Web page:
When taken as a whole, the human species may be hardly more intelligent than slime mold. As we currently understand it, intelligence comes from the connectivity between elements and the plasticity of those connections. It’s not so much the structure itself, but the formation and revision of particular configurations. Sadly, the point missed by the panel is that our digitally mediated environment must be programmed, and until it can program itself, we must do it. The only information we can put into it will be limited by what we ourselves can input followed by the sophistication of the algorithms we write to automate that process. Here is where there are clear sources of structural bias and issues of access. Beyond that there are also the issues of interface and content filtering.
Jonathan Lee of Google UXA rightly lists inputs and outputs as chief technical challenges faced by designers of user interface (UI) frameworks for Augmented Reality. There are no shortage of sensors today, and haptic interfaces allow for a wide variety of user control over content. It seems that the problem is that there are almost too many inputs. The question then becomes a matter of managing the inputs, of extracting information from the input streams and storing them in a way that enhances virtual content and a user’s experience of navigating that content. Content and context aware algorithms solve this problem, but bring up other issues. Our experience of the internet is already highly mediated by content filtering algorithms. It can almost be argued that serendipity has been all but filtered out (they should make an app for that!) as individuals are catered to based on previously gathered information as interpreted by predictive algorithms (call for submissions: creative predictive algorithms). On the broader issue of adaptive algorithms and similar forms of artificial intelligence, one has to ask what are the models for such algorithms? They must be programmed at some point, based upon some body of data. How do we select or craft the template? Is a possible consequence of further refining the intelligence of our algorithms a normative model for intelligence?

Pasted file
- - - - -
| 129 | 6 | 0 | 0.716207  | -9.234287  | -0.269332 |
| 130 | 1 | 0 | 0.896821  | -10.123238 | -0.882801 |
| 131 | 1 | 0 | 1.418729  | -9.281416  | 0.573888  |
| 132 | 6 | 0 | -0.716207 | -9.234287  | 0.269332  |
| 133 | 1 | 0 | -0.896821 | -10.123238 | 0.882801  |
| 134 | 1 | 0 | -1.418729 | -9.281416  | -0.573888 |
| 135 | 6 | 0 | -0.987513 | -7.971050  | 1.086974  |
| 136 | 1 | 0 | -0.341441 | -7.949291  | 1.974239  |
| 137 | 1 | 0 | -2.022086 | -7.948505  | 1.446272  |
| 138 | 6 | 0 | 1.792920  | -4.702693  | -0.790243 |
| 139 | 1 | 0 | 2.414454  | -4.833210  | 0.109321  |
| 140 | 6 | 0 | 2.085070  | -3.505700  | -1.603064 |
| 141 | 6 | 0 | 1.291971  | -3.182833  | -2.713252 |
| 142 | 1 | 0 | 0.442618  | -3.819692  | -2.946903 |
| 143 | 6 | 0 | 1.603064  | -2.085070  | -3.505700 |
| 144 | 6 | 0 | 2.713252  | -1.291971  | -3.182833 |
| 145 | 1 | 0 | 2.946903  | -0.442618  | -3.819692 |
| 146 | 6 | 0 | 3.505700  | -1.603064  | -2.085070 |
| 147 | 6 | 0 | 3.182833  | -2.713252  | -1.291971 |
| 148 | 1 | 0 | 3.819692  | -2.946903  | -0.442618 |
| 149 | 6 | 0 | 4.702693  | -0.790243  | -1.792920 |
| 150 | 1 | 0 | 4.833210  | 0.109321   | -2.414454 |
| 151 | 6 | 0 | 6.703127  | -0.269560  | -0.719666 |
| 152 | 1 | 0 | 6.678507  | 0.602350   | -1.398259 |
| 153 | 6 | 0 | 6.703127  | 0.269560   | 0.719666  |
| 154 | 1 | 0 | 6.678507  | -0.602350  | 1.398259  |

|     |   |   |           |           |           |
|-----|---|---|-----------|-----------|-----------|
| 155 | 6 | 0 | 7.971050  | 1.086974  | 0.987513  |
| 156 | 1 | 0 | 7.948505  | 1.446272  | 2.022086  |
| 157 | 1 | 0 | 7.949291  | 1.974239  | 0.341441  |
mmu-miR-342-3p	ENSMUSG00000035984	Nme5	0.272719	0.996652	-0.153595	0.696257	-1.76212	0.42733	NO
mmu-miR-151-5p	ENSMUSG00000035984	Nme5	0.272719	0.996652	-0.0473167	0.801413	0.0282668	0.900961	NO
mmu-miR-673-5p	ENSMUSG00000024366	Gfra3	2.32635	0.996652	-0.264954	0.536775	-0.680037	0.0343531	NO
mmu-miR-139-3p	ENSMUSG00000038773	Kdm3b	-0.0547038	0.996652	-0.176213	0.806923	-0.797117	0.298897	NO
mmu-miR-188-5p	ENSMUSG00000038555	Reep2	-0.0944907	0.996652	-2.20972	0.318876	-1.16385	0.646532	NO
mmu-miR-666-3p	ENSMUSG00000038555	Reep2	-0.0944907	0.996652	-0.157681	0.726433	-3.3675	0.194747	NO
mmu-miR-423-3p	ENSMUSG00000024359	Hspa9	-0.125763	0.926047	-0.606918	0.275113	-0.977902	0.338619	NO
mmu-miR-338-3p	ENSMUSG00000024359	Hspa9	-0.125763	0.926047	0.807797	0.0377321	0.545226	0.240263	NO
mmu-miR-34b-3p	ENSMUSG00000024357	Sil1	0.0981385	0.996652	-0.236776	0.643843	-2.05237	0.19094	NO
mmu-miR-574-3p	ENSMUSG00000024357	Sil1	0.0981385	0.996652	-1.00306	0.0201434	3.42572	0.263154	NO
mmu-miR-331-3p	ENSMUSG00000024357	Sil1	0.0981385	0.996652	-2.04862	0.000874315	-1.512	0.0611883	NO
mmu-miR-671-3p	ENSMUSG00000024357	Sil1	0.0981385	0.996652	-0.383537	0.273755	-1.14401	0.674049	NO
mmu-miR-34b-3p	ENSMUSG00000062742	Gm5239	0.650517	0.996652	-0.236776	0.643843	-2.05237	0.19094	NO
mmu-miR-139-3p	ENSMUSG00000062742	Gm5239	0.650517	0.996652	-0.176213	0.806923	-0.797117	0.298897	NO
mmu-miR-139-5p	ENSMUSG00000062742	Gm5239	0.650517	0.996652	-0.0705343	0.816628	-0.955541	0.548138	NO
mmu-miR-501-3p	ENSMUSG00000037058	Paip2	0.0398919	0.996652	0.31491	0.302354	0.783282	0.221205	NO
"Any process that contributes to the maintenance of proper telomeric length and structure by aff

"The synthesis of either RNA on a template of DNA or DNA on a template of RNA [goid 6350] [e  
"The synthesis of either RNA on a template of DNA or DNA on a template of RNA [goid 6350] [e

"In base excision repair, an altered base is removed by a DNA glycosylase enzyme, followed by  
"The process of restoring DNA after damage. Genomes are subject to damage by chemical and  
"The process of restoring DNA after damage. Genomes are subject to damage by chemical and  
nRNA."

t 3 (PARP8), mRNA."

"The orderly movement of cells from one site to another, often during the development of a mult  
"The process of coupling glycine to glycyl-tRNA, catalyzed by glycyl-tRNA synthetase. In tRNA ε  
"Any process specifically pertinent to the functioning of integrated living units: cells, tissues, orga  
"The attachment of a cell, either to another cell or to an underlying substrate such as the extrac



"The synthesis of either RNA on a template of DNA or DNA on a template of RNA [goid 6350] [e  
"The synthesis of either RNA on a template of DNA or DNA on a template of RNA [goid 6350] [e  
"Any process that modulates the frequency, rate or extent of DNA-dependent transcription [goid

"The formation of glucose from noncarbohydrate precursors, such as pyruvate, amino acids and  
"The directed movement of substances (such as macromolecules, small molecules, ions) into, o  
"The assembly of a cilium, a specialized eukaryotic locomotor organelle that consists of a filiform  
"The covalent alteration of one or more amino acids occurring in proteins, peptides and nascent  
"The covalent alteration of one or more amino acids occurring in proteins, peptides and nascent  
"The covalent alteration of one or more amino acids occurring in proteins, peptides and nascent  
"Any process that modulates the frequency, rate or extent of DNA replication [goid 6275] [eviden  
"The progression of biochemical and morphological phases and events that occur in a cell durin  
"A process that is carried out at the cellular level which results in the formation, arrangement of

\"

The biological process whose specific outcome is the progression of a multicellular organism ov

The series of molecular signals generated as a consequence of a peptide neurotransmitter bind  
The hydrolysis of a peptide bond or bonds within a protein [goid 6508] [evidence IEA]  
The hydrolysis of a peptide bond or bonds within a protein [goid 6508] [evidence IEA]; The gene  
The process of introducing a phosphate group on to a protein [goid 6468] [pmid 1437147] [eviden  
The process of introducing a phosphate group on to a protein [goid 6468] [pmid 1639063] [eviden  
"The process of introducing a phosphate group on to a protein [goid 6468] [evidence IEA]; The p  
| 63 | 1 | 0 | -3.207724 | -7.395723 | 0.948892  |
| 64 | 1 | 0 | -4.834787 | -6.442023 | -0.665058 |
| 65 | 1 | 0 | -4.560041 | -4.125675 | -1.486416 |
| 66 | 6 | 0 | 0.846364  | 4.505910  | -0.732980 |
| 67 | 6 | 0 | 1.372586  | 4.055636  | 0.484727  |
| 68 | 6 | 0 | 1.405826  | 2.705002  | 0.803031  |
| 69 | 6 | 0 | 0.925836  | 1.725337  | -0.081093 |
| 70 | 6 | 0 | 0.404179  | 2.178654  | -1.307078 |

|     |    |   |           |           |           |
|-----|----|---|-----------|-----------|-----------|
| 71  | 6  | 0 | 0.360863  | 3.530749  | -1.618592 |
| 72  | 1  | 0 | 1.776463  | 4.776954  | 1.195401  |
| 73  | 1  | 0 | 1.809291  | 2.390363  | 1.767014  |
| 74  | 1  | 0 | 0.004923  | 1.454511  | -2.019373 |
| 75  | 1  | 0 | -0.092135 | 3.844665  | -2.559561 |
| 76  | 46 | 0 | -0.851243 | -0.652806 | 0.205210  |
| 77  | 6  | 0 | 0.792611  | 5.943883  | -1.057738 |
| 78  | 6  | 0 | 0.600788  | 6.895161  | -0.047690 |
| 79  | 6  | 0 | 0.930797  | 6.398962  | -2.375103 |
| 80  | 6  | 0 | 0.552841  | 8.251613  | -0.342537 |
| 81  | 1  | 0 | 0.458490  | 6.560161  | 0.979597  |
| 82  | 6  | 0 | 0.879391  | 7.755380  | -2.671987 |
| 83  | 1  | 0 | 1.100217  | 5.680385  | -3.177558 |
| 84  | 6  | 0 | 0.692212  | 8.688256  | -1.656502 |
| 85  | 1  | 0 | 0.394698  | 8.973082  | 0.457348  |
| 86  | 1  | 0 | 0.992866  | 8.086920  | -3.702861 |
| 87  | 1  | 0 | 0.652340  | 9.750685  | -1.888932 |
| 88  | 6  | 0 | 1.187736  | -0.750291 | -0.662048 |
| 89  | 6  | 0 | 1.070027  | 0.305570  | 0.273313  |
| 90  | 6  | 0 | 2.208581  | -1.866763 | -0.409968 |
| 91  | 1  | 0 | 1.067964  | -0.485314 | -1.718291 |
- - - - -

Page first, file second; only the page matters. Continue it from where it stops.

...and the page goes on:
Perhaps it might seem as though I’ve come unhinged, but these questions become important when we begin to approach the task of embedding objects with information. What information or virtual content do we embed in these objects? Who has the ability to do the embedding? What are the possible system architectures that would allow for the system to become a place where the experience of an environment is actually enhanced. What is the framework for approaching this issue of enhancement?
While you consider these, here’s some more of the curatorial statement:
The prospects of augmented reality are linked to a fundamental question: What makes the value of an object, its identity, our relationship with it? The answer lies in the physical properties of the object, but also in its immaterial qualities, such as the story it evokes, the references with which it is connected, the questions it brings up. For a long time, physical reality and immaterial values expressed themselves separately. But with digital technology an object can express its story, reveal information, interact with its context and users in real time. (Henchoz)
It’s important not to mistake the map for the terrain. Physical objects are already vessels of their own history as they are products of a particular sequence of events. Those events, though external and broad in scope, can be decoded, traced and ultimately placed within a larger context of processes (not only physical ones but those with linkage to various cultural practices). With digital technology, an object will not express its story, but always that of someone else. To which we much ask, why that particular story? How did it find its embodiment as embedded data in that particular object? Is it a special case? Why does this story come to us and not others? If we open the system up for anyone to leave their story with any object, what do we do with hundreds of unique stories each told through a single object? What of a world filled with such objects? How do we navigate this terrain of embedded content? The information revealed by an object through media will, on the surface, only be what is placed their by the one privileged with the ability to do so. The nature of interactions will be limited to those programmed by those privileged enough to do so and the awareness equally limited.